Reg blazed another trail through the tall grass and thistle today, our last day of walking through the countryside. Tomorrow we’ll aim our boots towards Saint Peter’s Square, Vatican City, a ten mile walk that will officially complete our journey.
A castle tower caught our eye today, but this sculpture made us wonder why it was standing in this trailside field.
Intermittent showers followed us Tuesday on the Way of St. Francis from Montelibretti to Monterotondo, a busy city of 41,000 that makes us feel like we leaped forward hundreds of years.
It is how we got here that is the day’s story. About noon, we turned from a lazy, tree-canopied lane onto a busy two-lane highway where cars zoomed by at motorway speeds. It was a shock after several hours of countryside trekking. Then the rain decided to fall faster too.
A loud noise snapped us back to the future further. Through the drips from our hats, we saw the source: a motorway filled with speeding vehicles. How do we get to the other side, where our apartment awaits? Harder rain confused us until we spotted a yellow stripe painted uphill on a pole to our right. Is that where St. Francis went? It must have been, because after climbing through knee-high weeds over a berm, along a strip of aging asphalt under tree branches that we ducked under, we found bent grasses that told us someone had walked this way.
Down we went until the motorway blocked us again. More bent grass led us down a steep slope along a fence to a rickety, five-foot-long, 18-inch-wide wooden walkway with no railings that crossed a concrete culvert. The rain followed us across, then down farther to a road — and an underpass!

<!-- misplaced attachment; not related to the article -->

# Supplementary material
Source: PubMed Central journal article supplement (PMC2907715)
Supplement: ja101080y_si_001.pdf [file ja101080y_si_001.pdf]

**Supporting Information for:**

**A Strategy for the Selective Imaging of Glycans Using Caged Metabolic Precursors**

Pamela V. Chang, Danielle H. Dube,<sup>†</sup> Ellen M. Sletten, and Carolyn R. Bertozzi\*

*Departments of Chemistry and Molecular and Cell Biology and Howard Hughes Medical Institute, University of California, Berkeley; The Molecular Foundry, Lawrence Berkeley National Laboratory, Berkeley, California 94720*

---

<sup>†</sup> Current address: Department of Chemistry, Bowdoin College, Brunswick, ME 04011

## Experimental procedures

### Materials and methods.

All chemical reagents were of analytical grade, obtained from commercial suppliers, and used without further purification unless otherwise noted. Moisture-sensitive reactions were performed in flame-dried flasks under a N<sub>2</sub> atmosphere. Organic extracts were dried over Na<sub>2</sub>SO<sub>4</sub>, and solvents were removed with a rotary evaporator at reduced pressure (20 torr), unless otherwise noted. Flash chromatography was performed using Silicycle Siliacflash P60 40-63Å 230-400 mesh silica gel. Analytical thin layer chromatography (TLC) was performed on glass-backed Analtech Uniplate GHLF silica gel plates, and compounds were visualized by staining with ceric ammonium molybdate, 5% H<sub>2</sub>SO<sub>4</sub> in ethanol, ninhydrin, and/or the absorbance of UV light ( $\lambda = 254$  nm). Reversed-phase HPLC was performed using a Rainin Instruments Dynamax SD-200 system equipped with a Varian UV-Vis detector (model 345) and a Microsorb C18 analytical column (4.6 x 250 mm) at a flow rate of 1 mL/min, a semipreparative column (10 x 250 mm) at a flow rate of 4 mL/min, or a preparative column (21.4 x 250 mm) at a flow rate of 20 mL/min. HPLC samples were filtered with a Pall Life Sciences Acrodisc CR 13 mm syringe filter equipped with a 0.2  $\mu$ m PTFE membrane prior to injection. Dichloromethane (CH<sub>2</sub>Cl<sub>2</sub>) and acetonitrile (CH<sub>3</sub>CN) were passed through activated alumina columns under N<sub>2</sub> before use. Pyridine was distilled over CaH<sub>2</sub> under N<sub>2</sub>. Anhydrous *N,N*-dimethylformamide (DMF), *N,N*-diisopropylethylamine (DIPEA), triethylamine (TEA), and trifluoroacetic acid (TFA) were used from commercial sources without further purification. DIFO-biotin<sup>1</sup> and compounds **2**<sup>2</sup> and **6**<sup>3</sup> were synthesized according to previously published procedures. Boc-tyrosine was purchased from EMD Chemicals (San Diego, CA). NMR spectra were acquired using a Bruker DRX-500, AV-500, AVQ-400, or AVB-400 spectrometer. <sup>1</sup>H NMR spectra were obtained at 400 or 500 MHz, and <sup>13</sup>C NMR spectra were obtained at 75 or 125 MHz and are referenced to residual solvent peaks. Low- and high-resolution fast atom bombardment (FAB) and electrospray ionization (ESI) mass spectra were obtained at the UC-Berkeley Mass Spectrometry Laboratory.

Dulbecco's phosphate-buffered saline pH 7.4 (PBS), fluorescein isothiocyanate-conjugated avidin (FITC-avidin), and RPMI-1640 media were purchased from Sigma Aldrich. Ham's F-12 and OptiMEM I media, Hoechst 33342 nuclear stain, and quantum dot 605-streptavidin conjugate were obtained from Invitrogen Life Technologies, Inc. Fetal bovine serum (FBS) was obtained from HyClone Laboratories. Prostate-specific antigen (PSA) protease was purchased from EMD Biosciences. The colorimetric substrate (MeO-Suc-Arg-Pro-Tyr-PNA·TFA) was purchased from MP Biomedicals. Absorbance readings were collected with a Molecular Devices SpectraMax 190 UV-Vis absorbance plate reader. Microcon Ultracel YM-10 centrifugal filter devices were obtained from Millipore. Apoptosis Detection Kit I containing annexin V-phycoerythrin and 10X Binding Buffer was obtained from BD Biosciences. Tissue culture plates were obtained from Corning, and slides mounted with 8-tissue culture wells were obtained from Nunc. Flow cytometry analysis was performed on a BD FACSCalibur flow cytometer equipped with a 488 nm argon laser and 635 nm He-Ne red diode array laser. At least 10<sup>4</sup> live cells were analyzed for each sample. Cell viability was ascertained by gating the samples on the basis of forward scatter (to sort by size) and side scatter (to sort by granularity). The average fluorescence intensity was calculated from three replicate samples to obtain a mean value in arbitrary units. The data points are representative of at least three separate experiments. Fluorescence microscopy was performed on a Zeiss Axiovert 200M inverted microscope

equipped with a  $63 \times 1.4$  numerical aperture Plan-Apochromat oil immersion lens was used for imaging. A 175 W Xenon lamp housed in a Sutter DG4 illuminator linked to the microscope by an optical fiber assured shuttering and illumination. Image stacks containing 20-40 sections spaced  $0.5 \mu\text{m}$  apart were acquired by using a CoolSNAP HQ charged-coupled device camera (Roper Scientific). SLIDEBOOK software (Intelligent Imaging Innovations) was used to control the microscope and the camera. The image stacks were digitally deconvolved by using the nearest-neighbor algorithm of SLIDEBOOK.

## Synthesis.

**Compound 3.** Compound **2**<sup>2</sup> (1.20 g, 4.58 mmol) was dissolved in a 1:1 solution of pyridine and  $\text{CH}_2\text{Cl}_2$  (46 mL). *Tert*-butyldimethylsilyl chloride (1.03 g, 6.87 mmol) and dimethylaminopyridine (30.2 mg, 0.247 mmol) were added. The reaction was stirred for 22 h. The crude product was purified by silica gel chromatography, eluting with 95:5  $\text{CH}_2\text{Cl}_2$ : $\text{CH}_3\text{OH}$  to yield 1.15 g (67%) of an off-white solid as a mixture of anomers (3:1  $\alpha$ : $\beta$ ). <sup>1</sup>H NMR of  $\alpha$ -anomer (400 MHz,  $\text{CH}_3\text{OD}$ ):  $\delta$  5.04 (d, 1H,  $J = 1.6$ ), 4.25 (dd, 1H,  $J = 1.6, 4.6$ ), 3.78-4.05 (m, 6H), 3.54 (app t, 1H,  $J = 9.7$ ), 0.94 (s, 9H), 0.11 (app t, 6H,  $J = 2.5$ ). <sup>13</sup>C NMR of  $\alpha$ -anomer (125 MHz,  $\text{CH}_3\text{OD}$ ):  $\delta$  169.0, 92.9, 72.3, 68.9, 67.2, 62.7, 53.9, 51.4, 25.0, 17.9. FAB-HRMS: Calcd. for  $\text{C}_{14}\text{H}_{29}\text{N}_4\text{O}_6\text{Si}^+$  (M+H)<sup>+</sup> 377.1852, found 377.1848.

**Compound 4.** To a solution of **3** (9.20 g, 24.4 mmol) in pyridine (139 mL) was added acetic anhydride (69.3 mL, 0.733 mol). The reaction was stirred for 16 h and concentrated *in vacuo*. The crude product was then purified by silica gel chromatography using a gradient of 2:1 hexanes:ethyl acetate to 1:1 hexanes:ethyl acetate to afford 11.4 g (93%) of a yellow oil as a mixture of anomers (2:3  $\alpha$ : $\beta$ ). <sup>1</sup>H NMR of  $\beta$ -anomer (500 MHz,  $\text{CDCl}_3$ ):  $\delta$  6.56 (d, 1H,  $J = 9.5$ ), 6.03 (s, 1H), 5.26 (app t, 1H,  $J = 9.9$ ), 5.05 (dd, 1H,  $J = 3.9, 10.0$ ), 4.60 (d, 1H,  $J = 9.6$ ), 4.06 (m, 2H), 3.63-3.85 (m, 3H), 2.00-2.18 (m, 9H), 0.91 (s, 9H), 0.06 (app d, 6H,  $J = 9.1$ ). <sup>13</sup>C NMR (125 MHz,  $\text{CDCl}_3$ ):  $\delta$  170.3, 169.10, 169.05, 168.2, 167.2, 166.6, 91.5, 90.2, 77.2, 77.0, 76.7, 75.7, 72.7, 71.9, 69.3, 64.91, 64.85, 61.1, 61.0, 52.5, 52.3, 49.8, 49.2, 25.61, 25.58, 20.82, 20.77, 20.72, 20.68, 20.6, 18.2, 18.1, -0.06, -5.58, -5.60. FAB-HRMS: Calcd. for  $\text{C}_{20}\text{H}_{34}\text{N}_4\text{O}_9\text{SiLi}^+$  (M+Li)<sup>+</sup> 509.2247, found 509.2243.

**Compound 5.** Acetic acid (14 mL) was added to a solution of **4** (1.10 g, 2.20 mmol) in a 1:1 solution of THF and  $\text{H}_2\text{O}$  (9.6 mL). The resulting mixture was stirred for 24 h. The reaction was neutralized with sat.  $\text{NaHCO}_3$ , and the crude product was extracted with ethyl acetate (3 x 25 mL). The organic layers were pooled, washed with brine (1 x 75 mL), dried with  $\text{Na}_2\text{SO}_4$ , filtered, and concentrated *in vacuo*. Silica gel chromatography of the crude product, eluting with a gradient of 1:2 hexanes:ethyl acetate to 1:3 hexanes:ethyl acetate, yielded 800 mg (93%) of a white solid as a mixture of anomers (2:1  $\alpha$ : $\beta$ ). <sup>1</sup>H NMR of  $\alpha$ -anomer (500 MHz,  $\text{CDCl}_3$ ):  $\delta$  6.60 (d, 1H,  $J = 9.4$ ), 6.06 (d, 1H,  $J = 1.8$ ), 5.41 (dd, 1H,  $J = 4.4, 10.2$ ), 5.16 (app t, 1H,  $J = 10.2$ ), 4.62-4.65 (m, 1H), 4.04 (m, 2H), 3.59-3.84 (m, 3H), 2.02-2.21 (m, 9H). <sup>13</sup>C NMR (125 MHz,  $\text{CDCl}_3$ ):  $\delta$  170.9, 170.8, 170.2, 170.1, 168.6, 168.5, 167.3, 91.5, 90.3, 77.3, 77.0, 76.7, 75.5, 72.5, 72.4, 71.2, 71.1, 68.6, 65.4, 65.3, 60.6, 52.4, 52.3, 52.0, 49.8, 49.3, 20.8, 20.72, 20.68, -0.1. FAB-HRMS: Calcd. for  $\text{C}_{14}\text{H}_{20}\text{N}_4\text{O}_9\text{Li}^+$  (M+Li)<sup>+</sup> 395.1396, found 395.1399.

As we walked on a soggy path to Monterontondo, we paused for a selfie. A few twists and crosswalks brought us to salvation: an Italian bar, where a young man and woman made us tall cups of coffee to go with our flaky-crusted berry torte. They worked so hard to make us feel welcome, a trait that helps make this country great in our eyes.
Now I sit in our modern one-bedroom apartment. I hear faint sounds of Italian voices from the apartment above. I sip a glass of wine as Sue prepares our dinner.
The Way of St. Francis is full of surprises. That’s one reason why I want it to last forever.
The red line has led us through trials and celebrations, more medieval villages than we can count, and memorable meetings with gracious Italians brimming with enthusiasm. We have met friendly and fascinating fellow trekkers, but many days we have not seen even one. We have yet to meet another American walker. We have not talked to anyone going as far as we hope to go.
How far have we come? After 20 days of trekking on the Way of St. Francis, we have come 226 miles with our backpacks (and many more exploring places without them, especially on rest days). More than 71,000 feet of elevation change, including 6,000 on Sunday. The steepness has been a surprise — there have been times it has been so steep that it has been difficult to stand when we stopped to take a breath.
A few scenes from the past two days:
The bridge carrying highway travelers reminds us Rome is near, but the trail quickly takes us back into remote places.